“he is bothyn modyr, broþyr, & syster vn-to me”

Examining recent claims that the early modern Bible served as an empowering force for women, this article draws evidence from English sermons designed for quotidinal lay instruction—such as the late medieval sermons of Festial, the sixteenth-century Tudor Homilies, and the seventeenth-century sermon...

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Bibliographic Details
Published in:Church history and religious culture
Main Author: Barr, Beth Allison
Format: Electronic Article
Language:English
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Published: Brill 2014
In: Church history and religious culture
Year: 2014, Volume: 94, Issue: 3, Pages: 297-315
Further subjects:B Women Bible English sermons gendered language
Online Access: Volltext (Verlag)
Description
Summary:Examining recent claims that the early modern Bible served as an empowering force for women, this article draws evidence from English sermons designed for quotidinal lay instruction—such as the late medieval sermons of Festial, the sixteenth-century Tudor Homilies, and the seventeenth-century sermons of William Gouge and Benjamin Keach. As didactic religious texts written and delivered by men but also heard and read by women, sermons reveal how preachers rhetorically shaped the contours of women’s agency. Late medieval sermons include women specifically in scripture and authorize women through biblical role models as actively participating within the church. Conversely, early modern sermons were less likely to add women into scripture and more likely to use scripture to limit women by their domestic identities. Thus, through their approaches to biblical texts, medieval preachers present women as more visible and active agents whereas early modern preachers present women as less visible and more limited in their roles—thereby presenting a more complex story of how the Bible affected women across the Reformation.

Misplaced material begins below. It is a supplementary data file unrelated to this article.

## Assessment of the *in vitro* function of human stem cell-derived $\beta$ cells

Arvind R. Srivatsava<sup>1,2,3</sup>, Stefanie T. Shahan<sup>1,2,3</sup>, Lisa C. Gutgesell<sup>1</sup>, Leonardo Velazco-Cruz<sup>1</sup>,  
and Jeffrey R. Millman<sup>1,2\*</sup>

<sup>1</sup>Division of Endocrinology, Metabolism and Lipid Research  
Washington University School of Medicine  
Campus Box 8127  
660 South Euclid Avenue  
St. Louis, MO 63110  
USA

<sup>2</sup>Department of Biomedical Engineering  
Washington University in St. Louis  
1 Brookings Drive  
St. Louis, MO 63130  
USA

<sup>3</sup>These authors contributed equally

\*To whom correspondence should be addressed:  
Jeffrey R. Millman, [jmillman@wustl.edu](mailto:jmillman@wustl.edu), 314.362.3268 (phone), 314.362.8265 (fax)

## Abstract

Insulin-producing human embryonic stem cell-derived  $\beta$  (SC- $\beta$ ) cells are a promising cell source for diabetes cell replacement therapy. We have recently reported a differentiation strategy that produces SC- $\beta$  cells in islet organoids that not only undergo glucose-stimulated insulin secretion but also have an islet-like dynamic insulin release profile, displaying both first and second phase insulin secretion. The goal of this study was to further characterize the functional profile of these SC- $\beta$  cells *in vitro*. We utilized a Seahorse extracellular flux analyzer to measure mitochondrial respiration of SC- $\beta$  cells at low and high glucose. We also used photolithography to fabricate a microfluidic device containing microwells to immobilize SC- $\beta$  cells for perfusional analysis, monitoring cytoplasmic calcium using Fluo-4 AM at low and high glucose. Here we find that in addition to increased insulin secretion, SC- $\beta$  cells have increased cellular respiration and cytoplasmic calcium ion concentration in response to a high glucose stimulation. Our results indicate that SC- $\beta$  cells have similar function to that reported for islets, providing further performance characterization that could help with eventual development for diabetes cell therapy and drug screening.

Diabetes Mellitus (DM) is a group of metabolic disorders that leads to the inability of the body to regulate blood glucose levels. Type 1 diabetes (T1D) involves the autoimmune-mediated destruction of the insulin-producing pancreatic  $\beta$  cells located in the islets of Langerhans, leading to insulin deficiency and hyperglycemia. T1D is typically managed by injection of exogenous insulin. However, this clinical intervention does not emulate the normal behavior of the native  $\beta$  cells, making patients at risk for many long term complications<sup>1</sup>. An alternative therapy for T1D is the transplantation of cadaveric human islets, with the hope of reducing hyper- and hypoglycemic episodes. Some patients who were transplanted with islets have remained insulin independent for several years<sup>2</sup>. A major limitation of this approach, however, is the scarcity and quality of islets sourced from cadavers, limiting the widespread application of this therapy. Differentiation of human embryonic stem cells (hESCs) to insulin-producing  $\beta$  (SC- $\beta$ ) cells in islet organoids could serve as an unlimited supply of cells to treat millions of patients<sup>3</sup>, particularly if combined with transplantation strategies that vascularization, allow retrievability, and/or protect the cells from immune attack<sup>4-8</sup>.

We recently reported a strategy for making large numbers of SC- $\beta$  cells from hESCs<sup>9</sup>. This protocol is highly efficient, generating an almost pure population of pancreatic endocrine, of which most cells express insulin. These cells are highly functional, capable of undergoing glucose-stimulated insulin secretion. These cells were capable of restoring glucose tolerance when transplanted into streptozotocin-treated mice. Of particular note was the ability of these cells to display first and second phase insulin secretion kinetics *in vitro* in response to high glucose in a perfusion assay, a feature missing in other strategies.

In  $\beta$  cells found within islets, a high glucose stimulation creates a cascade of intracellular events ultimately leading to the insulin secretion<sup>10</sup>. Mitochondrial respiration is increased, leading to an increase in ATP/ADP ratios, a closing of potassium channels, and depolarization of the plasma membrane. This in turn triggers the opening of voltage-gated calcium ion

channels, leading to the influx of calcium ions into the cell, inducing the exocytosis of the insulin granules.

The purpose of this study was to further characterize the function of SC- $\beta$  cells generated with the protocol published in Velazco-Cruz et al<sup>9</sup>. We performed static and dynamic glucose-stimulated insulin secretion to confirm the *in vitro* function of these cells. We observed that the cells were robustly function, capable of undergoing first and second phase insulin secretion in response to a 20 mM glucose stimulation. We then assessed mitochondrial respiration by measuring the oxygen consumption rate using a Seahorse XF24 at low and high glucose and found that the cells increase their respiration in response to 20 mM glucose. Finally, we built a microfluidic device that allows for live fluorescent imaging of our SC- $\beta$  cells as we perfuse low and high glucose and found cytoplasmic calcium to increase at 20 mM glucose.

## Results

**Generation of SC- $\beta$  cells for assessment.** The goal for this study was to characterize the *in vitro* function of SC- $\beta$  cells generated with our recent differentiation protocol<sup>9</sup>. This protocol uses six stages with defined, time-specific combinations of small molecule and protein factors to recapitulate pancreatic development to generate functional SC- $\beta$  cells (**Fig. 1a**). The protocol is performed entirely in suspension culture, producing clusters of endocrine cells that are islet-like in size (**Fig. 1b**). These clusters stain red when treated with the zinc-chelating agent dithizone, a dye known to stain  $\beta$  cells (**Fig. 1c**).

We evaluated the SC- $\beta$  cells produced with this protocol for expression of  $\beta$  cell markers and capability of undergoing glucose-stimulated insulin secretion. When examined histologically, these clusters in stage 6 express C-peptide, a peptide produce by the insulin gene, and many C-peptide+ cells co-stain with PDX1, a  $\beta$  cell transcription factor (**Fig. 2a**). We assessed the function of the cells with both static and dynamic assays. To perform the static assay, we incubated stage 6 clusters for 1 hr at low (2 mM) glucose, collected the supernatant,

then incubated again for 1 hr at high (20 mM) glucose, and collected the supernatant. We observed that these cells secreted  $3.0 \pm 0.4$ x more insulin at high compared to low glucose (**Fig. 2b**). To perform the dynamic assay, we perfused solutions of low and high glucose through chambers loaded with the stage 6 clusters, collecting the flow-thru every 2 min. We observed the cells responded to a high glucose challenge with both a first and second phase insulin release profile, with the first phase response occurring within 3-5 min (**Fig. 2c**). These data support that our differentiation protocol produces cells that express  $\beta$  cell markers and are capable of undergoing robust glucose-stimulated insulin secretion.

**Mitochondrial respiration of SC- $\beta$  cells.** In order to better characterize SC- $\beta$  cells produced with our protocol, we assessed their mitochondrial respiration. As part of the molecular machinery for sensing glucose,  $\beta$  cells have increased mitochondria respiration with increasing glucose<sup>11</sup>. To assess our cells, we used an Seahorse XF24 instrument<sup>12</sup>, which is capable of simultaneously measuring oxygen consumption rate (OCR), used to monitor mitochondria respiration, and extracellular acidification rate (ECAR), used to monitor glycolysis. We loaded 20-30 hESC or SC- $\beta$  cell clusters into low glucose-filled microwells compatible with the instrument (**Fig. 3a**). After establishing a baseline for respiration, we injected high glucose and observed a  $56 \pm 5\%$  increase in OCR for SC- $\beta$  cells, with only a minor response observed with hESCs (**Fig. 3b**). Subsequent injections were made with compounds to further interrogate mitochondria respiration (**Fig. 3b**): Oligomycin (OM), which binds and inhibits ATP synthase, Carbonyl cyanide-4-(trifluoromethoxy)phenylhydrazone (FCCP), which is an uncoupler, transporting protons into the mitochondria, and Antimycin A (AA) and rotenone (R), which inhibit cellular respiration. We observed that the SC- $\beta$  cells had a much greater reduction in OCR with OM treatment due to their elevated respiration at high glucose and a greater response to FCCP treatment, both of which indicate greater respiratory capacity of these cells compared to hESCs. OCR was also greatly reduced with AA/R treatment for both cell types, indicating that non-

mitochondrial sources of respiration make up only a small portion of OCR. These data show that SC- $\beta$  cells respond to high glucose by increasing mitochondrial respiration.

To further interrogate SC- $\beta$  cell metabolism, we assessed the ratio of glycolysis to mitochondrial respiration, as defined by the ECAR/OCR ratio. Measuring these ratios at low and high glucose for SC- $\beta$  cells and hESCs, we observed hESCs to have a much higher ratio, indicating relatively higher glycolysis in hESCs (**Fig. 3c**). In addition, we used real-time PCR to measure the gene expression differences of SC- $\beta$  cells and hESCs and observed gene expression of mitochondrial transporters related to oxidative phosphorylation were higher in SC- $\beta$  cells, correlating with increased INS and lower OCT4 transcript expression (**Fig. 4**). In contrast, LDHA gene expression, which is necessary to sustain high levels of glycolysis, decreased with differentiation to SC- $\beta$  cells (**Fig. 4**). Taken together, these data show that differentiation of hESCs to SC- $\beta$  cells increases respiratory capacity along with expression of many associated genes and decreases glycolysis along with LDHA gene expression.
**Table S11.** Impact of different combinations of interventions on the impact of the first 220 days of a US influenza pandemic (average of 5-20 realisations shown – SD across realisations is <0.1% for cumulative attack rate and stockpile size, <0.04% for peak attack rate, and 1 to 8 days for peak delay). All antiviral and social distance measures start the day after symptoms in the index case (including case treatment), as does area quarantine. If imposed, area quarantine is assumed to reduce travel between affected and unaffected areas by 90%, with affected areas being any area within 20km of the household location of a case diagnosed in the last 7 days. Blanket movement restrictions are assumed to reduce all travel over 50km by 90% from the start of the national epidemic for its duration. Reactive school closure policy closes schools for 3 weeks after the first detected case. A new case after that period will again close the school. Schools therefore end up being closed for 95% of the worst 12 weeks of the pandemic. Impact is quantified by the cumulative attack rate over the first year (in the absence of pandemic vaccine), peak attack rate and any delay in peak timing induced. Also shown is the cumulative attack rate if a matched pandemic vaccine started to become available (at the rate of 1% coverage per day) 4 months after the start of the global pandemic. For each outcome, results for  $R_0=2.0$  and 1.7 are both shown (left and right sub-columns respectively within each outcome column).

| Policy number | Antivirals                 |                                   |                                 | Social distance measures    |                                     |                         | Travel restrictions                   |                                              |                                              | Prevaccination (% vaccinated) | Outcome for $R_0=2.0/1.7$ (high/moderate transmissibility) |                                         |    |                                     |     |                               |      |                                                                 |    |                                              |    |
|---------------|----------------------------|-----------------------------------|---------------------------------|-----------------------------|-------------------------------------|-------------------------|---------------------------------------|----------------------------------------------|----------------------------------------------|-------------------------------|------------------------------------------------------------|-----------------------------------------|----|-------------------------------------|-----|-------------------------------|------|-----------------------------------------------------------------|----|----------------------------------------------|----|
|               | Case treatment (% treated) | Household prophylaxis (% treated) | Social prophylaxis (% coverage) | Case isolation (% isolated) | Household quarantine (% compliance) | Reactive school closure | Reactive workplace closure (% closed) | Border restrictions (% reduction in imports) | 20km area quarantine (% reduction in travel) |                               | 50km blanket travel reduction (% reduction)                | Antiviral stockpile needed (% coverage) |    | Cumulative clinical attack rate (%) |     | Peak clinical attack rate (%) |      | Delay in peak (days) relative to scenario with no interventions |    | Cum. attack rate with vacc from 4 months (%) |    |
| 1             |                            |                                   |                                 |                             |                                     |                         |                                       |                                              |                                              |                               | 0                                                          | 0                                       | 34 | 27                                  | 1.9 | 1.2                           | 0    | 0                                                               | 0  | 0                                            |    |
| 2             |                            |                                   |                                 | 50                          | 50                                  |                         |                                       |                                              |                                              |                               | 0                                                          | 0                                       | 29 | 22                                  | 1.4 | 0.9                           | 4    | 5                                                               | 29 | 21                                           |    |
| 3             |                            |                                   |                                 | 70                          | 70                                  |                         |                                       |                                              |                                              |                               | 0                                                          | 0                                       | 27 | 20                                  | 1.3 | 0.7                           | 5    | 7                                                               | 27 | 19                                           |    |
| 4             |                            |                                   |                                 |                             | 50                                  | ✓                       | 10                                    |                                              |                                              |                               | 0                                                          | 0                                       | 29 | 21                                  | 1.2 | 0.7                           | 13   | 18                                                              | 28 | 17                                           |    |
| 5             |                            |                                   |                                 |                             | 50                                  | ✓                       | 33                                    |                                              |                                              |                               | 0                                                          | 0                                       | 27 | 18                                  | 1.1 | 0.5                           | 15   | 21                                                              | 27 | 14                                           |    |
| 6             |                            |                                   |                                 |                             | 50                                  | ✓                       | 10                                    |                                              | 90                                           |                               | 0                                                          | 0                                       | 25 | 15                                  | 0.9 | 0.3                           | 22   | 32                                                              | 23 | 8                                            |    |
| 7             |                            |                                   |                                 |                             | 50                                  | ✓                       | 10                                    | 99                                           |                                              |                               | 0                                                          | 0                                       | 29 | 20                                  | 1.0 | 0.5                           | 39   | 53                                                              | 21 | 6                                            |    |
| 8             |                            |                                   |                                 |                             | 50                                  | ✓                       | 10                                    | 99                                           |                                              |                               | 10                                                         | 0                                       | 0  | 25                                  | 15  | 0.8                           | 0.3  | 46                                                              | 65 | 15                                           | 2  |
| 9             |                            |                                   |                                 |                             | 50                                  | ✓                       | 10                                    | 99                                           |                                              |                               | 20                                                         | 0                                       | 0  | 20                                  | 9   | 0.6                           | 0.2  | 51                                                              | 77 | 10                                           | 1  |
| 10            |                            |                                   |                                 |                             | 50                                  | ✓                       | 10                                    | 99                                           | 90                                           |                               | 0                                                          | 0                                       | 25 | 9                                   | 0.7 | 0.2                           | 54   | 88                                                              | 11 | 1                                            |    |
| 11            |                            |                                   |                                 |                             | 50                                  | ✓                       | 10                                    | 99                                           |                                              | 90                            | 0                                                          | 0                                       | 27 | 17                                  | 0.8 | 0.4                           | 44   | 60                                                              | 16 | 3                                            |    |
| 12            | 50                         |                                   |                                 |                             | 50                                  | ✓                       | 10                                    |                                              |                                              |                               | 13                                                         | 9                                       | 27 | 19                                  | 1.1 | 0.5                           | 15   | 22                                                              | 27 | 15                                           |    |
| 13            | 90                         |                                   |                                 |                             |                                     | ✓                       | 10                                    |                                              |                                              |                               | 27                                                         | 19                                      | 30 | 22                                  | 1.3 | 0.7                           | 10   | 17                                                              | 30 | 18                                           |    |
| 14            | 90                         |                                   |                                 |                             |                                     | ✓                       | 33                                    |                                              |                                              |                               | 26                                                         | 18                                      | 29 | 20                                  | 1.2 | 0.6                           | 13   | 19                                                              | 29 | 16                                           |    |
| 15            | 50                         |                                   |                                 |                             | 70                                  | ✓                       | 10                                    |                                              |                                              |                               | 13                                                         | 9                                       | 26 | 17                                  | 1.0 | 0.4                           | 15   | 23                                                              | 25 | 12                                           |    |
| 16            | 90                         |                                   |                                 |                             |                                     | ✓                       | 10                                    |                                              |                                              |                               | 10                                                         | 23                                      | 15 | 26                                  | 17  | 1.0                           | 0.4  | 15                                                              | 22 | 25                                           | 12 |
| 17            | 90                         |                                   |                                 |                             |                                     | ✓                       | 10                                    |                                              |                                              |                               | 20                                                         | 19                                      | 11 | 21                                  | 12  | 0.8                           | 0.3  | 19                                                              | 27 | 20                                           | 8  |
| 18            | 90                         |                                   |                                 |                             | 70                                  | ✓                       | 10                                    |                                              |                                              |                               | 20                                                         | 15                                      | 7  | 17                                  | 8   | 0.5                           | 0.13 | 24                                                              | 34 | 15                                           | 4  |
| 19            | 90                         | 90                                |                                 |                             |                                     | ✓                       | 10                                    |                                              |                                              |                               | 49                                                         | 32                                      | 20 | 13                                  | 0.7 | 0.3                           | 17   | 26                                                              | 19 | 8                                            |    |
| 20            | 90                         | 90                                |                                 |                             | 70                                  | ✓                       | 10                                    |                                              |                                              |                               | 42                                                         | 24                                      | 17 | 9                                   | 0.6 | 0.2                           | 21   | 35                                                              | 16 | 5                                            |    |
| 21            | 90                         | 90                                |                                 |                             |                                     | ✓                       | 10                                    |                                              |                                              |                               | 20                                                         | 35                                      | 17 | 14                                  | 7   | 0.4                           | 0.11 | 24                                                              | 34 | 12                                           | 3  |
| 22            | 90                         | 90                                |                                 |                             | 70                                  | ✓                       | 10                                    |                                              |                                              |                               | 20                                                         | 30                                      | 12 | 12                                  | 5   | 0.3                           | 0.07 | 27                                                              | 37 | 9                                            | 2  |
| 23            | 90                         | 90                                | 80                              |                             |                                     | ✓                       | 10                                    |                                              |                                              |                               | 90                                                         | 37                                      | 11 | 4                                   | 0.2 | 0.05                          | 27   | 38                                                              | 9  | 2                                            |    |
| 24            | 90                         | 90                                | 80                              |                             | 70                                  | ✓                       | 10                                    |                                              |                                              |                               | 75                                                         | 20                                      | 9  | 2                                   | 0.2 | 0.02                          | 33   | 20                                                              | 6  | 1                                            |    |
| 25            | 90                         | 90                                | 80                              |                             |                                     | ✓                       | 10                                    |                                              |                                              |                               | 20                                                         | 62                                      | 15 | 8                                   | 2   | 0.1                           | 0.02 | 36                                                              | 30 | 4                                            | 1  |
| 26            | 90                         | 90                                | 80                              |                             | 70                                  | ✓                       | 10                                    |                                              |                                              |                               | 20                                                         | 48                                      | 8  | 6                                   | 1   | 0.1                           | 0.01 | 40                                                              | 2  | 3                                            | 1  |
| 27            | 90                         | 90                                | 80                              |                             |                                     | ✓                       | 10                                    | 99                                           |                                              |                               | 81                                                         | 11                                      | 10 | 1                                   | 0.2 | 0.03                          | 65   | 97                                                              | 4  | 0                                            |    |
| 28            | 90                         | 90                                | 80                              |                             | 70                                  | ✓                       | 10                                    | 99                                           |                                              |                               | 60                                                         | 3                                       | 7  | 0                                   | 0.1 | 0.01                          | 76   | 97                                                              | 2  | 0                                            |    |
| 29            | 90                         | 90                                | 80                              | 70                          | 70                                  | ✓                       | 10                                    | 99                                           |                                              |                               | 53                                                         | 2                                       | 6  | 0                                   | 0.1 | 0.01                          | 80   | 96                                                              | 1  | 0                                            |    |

ISSN:1871-2428
Contains:In: Church history and religious culture
Persistent identifiers:DOI: 10.1163/18712428-09403001